Silpada shutdown ends financial drain on owners totaling ‘tens of millions of dollars’

Background: Why Silpada Designs closed

Lenexa-based Silpada closed last year and sold off most of its merchandise. The remains, a lawsuit said, were carted away by employees under "the cover of darkness."
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Lenexa-based Silpada closed last year and sold off most of its merchandise. The remains, a lawsuit said, were carted away by employees under "the cover of darkness."

The owners of Lenexa-based Silpada Designs did not decide to shutter a profitable business on the decline, as was first reported. They instead pulled the plug on a money loser that was costing them millions of dollars.

This new sense of Silpada’s abrupt decision this week to shut down at the end of July came from co-chairman Tom Walsh.

“Over the past three years, we (the owners) have personally invested tens of millions of dollars above and beyond the purchase price paid in July 2013” of $85 million to Avon Products, Walsh said in an emailed statement to The Star.

Walsh said that comment was part of the information the company provided its sales representatives on Tuesday when it informed them the firm was shutting down.

Walsh also offered an explanation of why company vice president Andrea Carroll, who was chosen to speak to the media about the closing, had mistakenly said Silpada was still profitable even as its board had decided to close the business.

“Long and short, any positive cash flows that may have been interpreted as profitability were due to capital injections by the ownership group that as a private company we did not communicate to the company at large,” Walsh’s email said.

In other words, Silpada was losing money, the owners were making up the difference and the employees did not know.

“The unprofitability of the company and the inability to reverse negative trends are the facts that resulted in this decision,” Walsh wrote.

Privately owned businesses such as Silpada rarely make financial statements public or circulate details widely within the company. This is in contrast to the regular and detailed financial reports from companies such as H&R Block, Sprint and others with shares that trade publicly and can be purchased by any investor.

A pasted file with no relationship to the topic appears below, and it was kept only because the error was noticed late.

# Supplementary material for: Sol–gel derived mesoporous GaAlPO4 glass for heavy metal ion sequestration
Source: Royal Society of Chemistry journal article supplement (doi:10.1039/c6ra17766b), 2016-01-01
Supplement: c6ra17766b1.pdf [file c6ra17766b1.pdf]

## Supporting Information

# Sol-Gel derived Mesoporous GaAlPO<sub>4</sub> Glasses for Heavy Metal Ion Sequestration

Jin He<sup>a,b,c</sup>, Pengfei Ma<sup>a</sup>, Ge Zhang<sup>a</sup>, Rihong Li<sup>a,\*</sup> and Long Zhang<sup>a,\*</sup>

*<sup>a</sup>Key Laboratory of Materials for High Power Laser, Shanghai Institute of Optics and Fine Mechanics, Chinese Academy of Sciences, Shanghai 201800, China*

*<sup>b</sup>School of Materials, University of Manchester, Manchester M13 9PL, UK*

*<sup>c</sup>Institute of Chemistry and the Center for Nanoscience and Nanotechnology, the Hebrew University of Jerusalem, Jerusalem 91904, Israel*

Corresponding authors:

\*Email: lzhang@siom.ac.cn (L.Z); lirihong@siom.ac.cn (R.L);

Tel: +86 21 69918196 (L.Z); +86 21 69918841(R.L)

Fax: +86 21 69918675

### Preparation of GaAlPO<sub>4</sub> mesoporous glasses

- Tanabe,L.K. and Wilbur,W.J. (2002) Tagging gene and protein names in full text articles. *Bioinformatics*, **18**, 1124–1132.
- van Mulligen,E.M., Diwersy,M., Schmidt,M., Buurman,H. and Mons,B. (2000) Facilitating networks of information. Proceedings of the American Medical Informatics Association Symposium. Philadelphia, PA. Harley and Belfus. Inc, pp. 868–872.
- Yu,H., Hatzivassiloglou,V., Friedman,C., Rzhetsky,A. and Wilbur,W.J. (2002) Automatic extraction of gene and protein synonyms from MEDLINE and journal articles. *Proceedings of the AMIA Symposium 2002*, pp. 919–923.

Carroll, in an email Thursday, corrected her original comment that the company was profitable. It has not been profitable since 2010, she confirmed in a phone interview.

Her original comments made clear that Silpada’s fortunes had been fading for the last six years, largely from a business model rendered unsustainable by changing demographics and lifestyles.

Revenues had been falling, she said. The company had 15,000 reps, down from a peak roughly twice that high. Its established reps were holding fewer sales parties than in previous years and recruiting fewer new reps to maintain and grow the sales force than before.

Silpada’s surprise decision to shut down seemed all the more sudden given Carroll’s original report that it remained profitable.

“It’s possible, but it would be unusual” for owners to shut down a profitable business, said John Hense, managing director at CC Capital Advisors in Kansas City.

Hense said a company might report a profit on its accounting statements but still burn through more cash than it generated. In such cases, owners might decide to reach into their pockets for a set amount of time to see if they could correct the situation and then decide whether to close the doors.

He said that Silpada, as an unprofitable company feeding on its owners’ pockets, likely left its owners few options.

“If it’s unprofitable with negative trends, if revenue has been declining … that’s a really hard company to sell,” said Hense, who works with business mergers and acquisitions.

Tuesday’s unexpected decision to shut down the company meant that many of its nearly 200 employees were let go.

Sales reps will cancel plans to attend the company’s annual convention, which had been set for mid-July in Kansas City and which the city expected to have a $1.5 million economic impact.

Customers have only two months to feed their Sillpada appetites before finding another source for the quality jewelry that made the company successful in the first place.

“We are very appreciative of the support and recognition our company has received from the Kansas City community and Kansas City media all these years,” Walsh said in the email. “We feel it is important this headline and report of our profitability be corrected to reflect the true nature of the situation.”

Teresa Walsh and Bonnie and Jerry Kelly founded Silpada as a home-based business in 1997. The retailer grew to become one of the largest party plan sellers of sterling silver jewelry in North America.

The families sold Silpada to Avon Products in 2010 for $650 million, but Avon experienced its own business setbacks. Evidence of Silpada’s decline from its peak was evident in the price the families paid to repurchase the business from Avon only three years later — $85 million.

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The Star’s Joyce Smith contributed to this report.

Mark Davis: 816-234-4372, @mdkcstar